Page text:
Fixed Exchange Rate

HK's circumstances have not altered enough to invalidate peg to US dollar

PUBLISHED : Saturday, 16 June, 2012, 12:00am
UPDATED : Saturday, 16 June, 2012, 12:00am

Joseph Yam Chi-kwong's recent paper rehearses at length the arguments for and against the Hong Kong peg to the US dollar ('HK 'can ditch dollar peg' - Yam', June 13) and the technical and legal mechanisms surrounding it. None of these has changed since he stood down three years ago from the Monetary Authority, where he had been such a vigorous defender of the peg.

Now, although taking care to remain neutral, he raises doubts over its durability, which he would surely never have voiced so forthrightly while in office. He appears to justify his shift in stance by reference to changing circumstances. Thus he implies that the global financial crisis makes it desirable for the Monetary Authority to have more flexibility in the use of its assets than the peg arrangements allow.

However, it is perfectly possible for the government itself to intervene, for example in support of ailing financial institutions, funding itself by drawing on the fiscal reserve or by borrowing, without the HKMA having to compromise any of the peg's monetary discipline. He goes on to question whether an international financial centre of Hong Kong's scale can operate 'with a domestic currency system that is not the national currency system of a much bigger economy'.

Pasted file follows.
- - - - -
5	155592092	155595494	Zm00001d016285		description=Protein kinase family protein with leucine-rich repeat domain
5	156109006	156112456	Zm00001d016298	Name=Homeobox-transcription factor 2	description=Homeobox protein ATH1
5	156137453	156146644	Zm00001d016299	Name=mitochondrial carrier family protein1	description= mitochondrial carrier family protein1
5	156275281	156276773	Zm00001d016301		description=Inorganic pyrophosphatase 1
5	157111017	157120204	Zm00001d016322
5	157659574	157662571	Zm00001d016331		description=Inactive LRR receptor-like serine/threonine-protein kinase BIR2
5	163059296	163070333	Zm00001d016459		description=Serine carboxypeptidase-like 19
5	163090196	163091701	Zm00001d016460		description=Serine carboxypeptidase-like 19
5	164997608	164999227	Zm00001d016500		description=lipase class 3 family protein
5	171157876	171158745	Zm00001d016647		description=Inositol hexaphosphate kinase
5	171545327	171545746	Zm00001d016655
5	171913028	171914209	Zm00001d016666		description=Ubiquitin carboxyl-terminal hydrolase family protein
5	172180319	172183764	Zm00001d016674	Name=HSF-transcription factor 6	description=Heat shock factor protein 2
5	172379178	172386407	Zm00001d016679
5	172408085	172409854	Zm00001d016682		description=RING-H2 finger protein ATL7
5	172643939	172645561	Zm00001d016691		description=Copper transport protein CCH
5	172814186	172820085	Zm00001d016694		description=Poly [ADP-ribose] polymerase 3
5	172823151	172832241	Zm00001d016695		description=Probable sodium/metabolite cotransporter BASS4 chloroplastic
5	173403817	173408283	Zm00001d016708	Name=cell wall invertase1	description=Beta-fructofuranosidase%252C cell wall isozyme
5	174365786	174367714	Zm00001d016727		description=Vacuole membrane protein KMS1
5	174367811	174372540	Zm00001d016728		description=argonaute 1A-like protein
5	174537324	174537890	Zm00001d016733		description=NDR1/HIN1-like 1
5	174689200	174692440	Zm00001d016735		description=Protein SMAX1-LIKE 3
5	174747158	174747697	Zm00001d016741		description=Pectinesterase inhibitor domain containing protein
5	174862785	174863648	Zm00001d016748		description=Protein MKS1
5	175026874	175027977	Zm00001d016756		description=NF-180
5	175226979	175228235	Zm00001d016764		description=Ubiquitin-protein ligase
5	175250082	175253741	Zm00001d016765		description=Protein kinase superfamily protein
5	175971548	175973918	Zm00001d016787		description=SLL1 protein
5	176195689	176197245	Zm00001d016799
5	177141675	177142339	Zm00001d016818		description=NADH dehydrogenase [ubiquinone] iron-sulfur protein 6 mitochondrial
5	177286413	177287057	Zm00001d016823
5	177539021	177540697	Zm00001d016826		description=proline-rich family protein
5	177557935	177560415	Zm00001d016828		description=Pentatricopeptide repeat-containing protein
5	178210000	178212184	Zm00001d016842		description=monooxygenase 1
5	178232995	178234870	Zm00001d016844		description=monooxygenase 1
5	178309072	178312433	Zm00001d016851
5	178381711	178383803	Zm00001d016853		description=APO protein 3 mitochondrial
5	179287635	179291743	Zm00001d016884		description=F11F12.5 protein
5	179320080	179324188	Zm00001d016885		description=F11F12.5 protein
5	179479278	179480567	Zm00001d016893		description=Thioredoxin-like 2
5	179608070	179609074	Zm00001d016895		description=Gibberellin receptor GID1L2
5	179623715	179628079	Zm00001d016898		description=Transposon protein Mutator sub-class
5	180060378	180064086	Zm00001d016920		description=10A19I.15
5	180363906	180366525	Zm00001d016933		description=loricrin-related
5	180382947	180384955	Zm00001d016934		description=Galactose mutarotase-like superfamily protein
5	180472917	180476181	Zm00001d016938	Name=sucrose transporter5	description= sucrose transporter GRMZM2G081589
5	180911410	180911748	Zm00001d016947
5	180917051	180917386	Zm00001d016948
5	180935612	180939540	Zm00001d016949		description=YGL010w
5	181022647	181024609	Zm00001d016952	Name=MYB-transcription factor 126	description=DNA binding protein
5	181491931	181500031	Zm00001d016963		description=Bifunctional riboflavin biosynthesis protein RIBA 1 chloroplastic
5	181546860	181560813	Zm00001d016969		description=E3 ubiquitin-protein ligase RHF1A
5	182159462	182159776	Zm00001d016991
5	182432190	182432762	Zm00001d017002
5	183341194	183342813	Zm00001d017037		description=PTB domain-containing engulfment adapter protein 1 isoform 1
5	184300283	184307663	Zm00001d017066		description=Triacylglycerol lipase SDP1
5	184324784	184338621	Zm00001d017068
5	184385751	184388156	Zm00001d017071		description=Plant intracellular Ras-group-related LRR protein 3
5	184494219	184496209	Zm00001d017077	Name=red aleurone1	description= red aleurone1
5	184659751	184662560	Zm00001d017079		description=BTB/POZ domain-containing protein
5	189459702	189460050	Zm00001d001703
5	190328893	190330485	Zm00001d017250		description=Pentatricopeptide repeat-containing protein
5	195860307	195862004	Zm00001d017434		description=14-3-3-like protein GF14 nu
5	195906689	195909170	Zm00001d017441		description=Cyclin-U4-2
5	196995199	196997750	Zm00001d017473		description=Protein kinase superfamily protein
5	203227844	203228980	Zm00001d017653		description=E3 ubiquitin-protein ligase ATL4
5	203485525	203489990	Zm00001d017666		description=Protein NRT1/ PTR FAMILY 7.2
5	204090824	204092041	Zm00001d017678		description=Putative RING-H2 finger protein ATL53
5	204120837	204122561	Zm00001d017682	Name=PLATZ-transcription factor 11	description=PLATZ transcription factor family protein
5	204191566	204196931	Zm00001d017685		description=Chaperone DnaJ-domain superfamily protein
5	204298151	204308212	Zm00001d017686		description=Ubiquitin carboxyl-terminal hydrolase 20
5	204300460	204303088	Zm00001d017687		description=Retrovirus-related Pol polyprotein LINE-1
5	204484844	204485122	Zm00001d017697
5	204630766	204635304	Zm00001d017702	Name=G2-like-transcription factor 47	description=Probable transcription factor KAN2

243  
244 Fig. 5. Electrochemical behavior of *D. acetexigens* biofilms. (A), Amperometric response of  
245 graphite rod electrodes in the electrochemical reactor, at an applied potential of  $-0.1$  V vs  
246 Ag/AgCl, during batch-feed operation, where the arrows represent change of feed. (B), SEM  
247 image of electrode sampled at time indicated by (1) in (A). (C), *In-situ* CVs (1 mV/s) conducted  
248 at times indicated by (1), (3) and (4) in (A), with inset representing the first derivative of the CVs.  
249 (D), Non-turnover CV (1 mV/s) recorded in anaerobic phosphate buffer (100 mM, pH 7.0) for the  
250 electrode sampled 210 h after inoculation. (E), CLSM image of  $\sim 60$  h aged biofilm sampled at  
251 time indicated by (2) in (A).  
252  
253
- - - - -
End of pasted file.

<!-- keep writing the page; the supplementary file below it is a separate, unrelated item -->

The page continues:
The simple answer is that it can and it does, and there is no convincing reason why it should not continue to. I left the Monetary Authority in 2003. I was a staunch supporter of the peg then, and my present view, for what it's worth, is that relevant circumstances have not altered enough to invalidate that support.

In 2047, the Hong Kong dollar will inevitably be fused with the renminbi. Many expect it to happen sooner. Whether it does should depend on the timing of full renminbi convertibility, the People's Bank's record in conducting monetary policy, and the degree of structural convergence between the two economies.

One cannot entirely rule out some other sort of change - such as a managed float - being appropriate at some interim point, if circumstances do indeed change sufficiently to justify it, but I would need rather more persuasion than is offered by Mr Yam's paper.

One wonders whether he would be presenting the arguments for change so lucidly had he been on the winning team in the chief executive election campaign. He has certainly bowled a googly to the victor!

Tony Latter, former Monetary Authority deputy chief executive, Harrogate, Britain